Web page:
Any images taken of the actual workshop can be added to Wikicommons under the following category: Category:Women in Science, Wellington.

Useful links[edit]

Media[edit]

  • Journalists: use the URL http://bit.ly/WikiSciWomen in print; it'll take people to this page. (Note: bit.ly URLs are case sensitive.)
  • Shareable web graphic version of the banner image
  • There's a public Facebook event you can share

Attended[edit]

Please add your Wikipedia username once you've registered and created an account.

Attended remotely[edit]

Participants from outside Wellington are welcome to register and add themselves and their time zone here. We can Skype you in to chat with other participants and talk about what you're doing. We can't promise you lunch though!

Outcomes[edit]

Three editors hard at work on new articles

There were 35 people at the workshop, including two organisers and four experienced editors who helped newcomers. The majority of those attending were complete beginners, never having edited Wikipedia before. Workshop participants made 1144 edits, created 114 Wiki pages including 22 new biographies of women in science, and substantially improved 15 other articles. When surveyed, almost all participants said they would be more or much more likely to keep editing, and 25 out of 28 said they now have a more positive feeling towards Wikipedia. All 28 surveyed said they would definitely come to another workshop, and 21 said they would also be interested in being part of regular informal editing meetups.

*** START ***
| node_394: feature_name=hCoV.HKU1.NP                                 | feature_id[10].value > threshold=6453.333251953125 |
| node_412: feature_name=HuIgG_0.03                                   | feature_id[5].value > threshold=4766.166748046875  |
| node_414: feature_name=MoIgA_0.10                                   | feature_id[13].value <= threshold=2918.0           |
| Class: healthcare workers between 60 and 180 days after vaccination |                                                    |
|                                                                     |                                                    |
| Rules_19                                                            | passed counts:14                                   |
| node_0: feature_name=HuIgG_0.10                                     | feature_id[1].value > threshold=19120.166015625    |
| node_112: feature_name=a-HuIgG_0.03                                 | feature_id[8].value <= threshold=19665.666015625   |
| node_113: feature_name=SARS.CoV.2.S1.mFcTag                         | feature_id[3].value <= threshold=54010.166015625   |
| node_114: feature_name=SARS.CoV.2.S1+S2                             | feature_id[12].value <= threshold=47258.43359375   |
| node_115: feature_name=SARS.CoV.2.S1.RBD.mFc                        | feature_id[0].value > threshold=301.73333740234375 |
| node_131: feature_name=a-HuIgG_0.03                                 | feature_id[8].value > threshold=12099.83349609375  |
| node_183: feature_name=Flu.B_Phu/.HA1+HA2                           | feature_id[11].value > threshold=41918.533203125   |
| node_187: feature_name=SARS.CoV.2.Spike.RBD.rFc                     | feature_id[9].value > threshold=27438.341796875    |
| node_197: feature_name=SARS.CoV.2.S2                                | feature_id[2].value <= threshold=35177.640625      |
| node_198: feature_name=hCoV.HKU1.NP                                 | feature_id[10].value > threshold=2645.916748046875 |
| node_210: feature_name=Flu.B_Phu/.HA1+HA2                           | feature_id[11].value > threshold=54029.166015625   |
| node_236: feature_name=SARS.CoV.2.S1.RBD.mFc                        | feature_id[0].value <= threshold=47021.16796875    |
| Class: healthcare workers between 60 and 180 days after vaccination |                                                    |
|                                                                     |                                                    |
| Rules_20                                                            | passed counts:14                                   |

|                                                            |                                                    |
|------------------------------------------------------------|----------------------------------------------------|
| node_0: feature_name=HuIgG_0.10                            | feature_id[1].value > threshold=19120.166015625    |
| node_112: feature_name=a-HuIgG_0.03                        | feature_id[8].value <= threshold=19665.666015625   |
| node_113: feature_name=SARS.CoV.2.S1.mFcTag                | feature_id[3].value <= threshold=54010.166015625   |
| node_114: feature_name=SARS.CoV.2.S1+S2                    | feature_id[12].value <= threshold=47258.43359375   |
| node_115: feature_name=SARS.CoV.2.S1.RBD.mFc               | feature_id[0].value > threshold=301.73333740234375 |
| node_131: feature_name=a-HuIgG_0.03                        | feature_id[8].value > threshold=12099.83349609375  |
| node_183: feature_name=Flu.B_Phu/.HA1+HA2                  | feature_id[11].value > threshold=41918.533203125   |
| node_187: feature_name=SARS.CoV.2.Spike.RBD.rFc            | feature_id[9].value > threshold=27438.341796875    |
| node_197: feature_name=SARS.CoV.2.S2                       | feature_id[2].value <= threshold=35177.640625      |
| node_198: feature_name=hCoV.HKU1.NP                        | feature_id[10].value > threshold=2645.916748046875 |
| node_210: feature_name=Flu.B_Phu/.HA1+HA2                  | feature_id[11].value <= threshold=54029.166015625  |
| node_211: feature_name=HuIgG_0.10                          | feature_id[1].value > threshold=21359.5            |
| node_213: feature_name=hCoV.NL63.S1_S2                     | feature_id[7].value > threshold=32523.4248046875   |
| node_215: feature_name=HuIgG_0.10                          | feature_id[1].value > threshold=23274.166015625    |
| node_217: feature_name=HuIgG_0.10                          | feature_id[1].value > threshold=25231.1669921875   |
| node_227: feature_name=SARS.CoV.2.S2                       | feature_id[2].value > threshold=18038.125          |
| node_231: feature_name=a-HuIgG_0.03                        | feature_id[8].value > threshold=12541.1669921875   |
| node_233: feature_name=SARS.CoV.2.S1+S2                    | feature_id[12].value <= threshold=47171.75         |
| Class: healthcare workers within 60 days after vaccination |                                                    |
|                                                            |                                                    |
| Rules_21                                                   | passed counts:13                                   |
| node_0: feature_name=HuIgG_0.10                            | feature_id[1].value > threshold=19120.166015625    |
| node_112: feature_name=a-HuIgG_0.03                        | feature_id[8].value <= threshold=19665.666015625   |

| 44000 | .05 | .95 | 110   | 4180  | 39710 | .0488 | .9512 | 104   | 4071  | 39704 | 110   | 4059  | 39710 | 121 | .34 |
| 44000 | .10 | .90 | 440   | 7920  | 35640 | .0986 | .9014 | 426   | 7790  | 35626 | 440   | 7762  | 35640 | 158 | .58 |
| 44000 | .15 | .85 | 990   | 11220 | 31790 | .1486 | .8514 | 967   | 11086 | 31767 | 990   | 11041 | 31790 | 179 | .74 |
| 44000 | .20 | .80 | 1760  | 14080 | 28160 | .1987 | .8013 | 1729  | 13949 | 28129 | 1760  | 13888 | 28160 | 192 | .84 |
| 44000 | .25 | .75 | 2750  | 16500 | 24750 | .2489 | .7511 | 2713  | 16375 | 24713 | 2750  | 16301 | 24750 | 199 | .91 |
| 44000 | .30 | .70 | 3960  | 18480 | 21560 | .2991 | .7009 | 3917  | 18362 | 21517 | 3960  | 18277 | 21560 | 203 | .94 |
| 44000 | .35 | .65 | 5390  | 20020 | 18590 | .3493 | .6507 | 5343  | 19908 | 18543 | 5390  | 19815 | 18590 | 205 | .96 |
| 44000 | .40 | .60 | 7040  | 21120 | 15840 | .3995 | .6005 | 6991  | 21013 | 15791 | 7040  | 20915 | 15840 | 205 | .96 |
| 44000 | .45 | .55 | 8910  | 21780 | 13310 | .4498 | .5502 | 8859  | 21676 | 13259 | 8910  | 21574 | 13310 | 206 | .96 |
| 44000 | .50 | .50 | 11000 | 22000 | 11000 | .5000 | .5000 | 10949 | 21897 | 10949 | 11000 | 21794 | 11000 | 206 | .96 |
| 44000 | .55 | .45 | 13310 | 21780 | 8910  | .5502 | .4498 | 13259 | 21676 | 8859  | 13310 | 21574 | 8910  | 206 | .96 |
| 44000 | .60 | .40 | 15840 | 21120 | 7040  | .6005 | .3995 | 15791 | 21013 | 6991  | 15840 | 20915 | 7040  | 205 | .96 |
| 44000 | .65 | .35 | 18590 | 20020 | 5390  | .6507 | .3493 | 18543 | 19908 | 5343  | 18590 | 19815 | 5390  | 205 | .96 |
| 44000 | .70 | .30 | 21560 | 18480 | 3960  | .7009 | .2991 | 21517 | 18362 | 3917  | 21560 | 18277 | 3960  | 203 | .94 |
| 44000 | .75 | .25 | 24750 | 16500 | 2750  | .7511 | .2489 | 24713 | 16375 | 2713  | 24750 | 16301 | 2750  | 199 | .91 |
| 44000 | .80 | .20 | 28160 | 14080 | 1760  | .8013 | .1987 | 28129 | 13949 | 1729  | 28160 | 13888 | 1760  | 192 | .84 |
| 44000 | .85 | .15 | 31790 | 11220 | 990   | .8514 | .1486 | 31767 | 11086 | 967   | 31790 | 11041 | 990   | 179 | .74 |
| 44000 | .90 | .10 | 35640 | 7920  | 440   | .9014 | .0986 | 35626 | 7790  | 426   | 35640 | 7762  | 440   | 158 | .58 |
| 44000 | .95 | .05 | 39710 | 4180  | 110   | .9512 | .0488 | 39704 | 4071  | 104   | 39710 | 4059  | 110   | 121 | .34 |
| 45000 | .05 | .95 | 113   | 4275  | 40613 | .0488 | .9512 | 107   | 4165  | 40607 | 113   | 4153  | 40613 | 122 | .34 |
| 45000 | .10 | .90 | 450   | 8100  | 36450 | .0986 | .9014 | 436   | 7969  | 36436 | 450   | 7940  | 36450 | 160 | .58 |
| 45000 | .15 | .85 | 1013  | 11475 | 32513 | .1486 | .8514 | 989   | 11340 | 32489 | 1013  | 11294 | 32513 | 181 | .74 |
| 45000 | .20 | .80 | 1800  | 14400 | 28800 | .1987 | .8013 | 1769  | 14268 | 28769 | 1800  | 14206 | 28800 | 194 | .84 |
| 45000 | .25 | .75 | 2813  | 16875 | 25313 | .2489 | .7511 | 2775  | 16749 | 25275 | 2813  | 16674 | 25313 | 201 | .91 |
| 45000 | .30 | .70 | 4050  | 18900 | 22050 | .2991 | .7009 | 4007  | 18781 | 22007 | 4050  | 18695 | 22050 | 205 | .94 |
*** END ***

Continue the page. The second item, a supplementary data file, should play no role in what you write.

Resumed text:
New articles[edit]

Articles improved[edit]

Follow-up[edit]

A "Wikibrunch" for participants was organised by Giantflightlessbirds on Sunday 5 November at Loretta's Cafe, Wellington. Ambrosia10, Pippipip, Susan Tol, Rosalindaymes, and Emilyc15 attended, and we discussed amongst other things creating a page on anti-nuclear protests in the Pacific and the possibility of an Edit-a-thon at Otari-Wilton's Bush.

Acknowledgements[edit]

We're very grateful for the support of Nancy de Bueger at the Royal Society Te Apārangi for hosting this event, and Rebecca Priestley at Victoria University of Wellington for funding lunch and childcare. The organisers and participants are all volunteers who believe that there are far worse things to spend our precious free time on than improving a free information resource used daily by millions. The woman pictured on our banner is theoretical astrophysicist Beatrice Tinsley, one of New Zealand's leading scientists and the inspiration for this workshop.